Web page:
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Brazilian Journal of Microbiology

Print version ISSN 1517-8382

Braz. J. Microbiol. vol.45 no.1 São Paulo  2014  Epub Apr 11, 2014

http://dx.doi.org/10.1590/S1517-83822014005000026 

Aflatoxin detoxification by manganese peroxidase purified from Pleurotus ostreatus

 

 

Ramy Sayed Yehia

Department of Botany, Faculty of Science, Cairo University, Giza, Egypt

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ABSTRACT

Manganese peroxidase (MnP) was produced from white rot edible mushroom Pleurotus ostreatus on the culture filtrate. The enzyme was purified to homogeneity using (NH4)2SO4 precipitation, DEAE-Sepharose and Sephadex G-100 column chromatography. The final enzyme activity achieved 81UmL-1, specific activity 78 U mg-1 with purification fold of 130 and recovery 1.2% of the crude enzyme. SDS-PAGE indicated that the pure enzyme have a molecular mass of approximately 42 kDa. The optimum pH was between 4-5 and the optimum temperature was 25 ºC. The pure MnP activity was enhanced by Mn2+,Cu2+,Ca2+ and K+ and inhibited by Hg+2 and Cd+2.H2O2 at 5 mM enhanced MnP activity while at 10 mM inhibited it significantly. The MnP-cDNA encoding gene was sequenced and determined (GenBank accession no. AB698450.1). The MnP-cDNA was found to consist of 497 bp in an Open Reading Frame (ORF) encoding 165 amino acids. MnP from P. ostreatus could detoxify aflatoxin B1 (AFB1) depending on enzyme concentration and incubation period. The highest detoxification power (90%) was observed after 48 h incubation at 1.5 U mL-1 enzyme activities.

Key words: manganese peroxidase, aflatoxin B1, Pleurotus ostreatus, purification.


 

 

Introduction

Manganese peroxidase (MnP) (Ec 1.11.1.13) catalyses the H2O2 dependent oxidation of Mn II to Mn III which is a non-specific oxidant and seems to play an important role in initiating lignin attack (Kuwahara et al., 1984; Paszcynski et al., 1986; Perez and Jeffries, 1992). The enzyme is an extracellular heme protein produced by wood rotting and little degrading basidomycetes. It is small enough to diffuse into the compact lignocelluloses complex, and oxidizes the aromatic structures via formation of radicals, leading finally to the breakdown of covalent bonds (Evans et al., 1994). The purified MnP differentiated by different column chromatography into two isoenzymes, MnP1 and MnP2 with very close molecular masses of 42 kDa and 44 kDa, respectively (Schneegaβ et al., 1997). The main and more active isoenzyme was MnP2 from Nematoloma frowardii (Schneegaβ et al., 1997), Lentinula edodes (Boer et al., 2006), Pleurotus eryngii (Martinez et al., 1996) and Phanerochate flavido-alba (de la Rubia et al., 2002).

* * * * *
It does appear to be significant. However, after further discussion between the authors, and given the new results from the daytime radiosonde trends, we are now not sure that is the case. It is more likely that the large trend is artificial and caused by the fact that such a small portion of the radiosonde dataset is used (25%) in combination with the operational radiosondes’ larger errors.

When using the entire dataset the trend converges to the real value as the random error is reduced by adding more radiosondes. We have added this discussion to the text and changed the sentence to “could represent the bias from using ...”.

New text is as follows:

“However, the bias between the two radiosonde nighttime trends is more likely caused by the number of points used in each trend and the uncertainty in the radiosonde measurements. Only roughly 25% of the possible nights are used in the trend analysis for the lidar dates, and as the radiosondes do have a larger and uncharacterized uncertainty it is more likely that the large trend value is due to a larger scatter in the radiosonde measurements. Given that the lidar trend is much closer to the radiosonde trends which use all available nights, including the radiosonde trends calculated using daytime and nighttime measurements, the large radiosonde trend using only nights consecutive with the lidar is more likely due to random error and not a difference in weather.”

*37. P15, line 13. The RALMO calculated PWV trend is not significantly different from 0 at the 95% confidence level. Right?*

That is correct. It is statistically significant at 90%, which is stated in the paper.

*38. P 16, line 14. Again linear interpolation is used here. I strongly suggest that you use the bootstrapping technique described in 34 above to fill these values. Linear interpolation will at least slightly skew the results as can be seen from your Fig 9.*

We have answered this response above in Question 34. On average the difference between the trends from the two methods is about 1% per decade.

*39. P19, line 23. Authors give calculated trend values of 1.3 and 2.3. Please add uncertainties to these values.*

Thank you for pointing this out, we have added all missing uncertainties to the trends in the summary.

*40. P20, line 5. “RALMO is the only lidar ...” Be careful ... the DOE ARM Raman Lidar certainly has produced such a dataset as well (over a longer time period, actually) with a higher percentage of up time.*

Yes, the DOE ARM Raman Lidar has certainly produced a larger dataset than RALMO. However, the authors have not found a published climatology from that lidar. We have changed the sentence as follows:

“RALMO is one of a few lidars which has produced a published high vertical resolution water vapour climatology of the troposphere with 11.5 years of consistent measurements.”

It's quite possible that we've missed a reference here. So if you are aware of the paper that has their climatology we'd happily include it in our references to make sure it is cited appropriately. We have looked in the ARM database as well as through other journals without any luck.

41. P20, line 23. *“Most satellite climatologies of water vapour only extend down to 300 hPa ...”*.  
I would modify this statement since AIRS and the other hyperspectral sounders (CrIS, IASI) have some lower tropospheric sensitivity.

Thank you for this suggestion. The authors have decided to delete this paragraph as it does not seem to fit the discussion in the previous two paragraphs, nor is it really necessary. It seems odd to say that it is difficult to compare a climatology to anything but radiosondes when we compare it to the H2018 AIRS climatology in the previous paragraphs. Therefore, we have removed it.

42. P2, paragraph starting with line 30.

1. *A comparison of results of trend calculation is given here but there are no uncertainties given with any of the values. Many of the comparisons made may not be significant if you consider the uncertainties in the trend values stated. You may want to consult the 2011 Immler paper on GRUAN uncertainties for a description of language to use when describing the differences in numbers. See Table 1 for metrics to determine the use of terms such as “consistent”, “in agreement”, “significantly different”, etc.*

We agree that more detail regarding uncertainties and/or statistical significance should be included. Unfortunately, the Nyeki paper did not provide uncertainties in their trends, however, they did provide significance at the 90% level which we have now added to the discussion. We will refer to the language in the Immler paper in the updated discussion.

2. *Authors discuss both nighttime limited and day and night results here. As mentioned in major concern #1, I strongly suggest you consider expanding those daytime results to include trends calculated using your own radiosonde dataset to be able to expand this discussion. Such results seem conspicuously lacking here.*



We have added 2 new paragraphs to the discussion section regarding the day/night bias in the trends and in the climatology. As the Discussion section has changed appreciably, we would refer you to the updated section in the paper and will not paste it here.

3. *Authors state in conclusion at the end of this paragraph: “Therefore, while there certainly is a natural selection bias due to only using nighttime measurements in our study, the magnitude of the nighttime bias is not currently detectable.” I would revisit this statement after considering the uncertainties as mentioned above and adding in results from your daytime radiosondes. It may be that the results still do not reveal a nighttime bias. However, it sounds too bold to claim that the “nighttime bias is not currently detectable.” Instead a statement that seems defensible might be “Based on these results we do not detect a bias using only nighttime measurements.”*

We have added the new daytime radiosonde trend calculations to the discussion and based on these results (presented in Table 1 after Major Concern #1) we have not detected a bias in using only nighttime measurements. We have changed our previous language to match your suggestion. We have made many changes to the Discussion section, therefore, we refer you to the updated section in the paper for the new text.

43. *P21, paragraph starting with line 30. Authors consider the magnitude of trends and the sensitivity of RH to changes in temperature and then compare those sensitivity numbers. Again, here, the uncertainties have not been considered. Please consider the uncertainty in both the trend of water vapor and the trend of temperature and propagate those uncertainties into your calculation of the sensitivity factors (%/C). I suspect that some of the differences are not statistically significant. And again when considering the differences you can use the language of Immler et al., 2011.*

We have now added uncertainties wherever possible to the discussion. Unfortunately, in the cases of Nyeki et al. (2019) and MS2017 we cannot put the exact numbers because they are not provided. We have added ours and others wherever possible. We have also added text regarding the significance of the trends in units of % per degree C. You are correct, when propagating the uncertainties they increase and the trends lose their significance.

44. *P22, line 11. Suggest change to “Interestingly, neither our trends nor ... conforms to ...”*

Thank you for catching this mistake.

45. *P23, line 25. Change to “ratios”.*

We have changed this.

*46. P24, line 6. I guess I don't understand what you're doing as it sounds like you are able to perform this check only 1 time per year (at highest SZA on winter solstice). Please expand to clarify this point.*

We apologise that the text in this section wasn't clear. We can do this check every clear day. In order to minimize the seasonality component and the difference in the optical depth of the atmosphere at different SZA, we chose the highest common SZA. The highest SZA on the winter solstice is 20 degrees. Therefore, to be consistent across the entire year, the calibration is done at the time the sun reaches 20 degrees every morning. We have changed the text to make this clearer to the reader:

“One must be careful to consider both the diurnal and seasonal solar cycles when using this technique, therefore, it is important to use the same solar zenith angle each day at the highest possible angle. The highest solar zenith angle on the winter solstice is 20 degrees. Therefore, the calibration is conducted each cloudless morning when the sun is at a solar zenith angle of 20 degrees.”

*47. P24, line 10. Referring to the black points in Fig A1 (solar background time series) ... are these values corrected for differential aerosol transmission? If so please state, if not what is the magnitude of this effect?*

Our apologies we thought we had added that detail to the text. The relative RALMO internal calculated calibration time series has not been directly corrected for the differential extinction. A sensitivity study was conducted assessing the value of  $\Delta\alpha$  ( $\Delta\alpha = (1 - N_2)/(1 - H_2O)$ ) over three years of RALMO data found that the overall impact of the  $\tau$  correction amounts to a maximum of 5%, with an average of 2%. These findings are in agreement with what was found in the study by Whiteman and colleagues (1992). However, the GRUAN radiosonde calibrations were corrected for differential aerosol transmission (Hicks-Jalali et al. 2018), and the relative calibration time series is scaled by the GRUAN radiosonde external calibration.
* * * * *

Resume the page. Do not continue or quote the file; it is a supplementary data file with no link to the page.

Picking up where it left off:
The mushroom genus Pleurotus has the capacity to degrade lignin with degradation of cellulose (Kamra and Zadrazil, 1986); this phenomenon is of relevant biotechnological importance in delignification process for feed production and paper-pulp industry (Kamra and Zadrazil, 1986; Martinez et al., 1994). Appreciable levels of peroxidases involved in lignin biodegradation by Pleurotus species such as lignin peroxidase (LP) and MnP (Kirk and Farrell, 1987). It has been reported that MnP can oxidize Mn+2 to Mn+3 which act as a better substrate than veratryle alcohol at physiological pH 4.5. It was suggested also that the generation of chelated Mn+3 could be the main role of MnP in lignin degradation (Khindaria et al., 1995).

The increasing interest in this enzyme is due to its production by most white rot fungi including lignin degrading species that lack LP (Lobos et al., 1994; Périé and Gold, 1991), its capacity to depolymerise synthetic lignin in vitro (Wariishi et al., 1991), its oxidation to phenolic and nonphenolic compounds (Bao et al., 1994), its biodegradation of polycyclic aromatic hydrocarbon (PAH) (Pickard et al., 1999; Wariishi et al., 1992), humic acid (Ziegenhagen and Hofrichter, 1998), synthetic dyes (Heinfling et al., 1998) and more recently detoxification of mycotoxins (Motomura et al., 2003; Wang et al., 2011).

Aflatoxin B1 (AFB1) is a potent mycotoxin with mutagenic, carcinogenic, hepatogenic and immunosuppressive properties. AFB1 treated with MnP from the white rot fungus Phanerochaete sordida Yk-624 was detoxified by 86% of the original value after 48 h (Wang et al., 2011). Nuclear Magnetic Resonance (1H-NMR) and High Resolution Electrospray Mass Spectrometry (HR-ESI-MS) analysis suggested that AFB1 is first oxidized to AFB1-8, 9-epoxide by MnP and then hydrolyzed to AFB1-8, 9-dihydrodiol (Wang et al., 2011).

In the present study the detoxification of AFB1 by purified MnP extracted from the edible mushroom Pleurotus ostreatus was demonstrated. The active enzyme was characterized biochemically and in molecular basis.

 

Materials and Methods

Organism and culture condition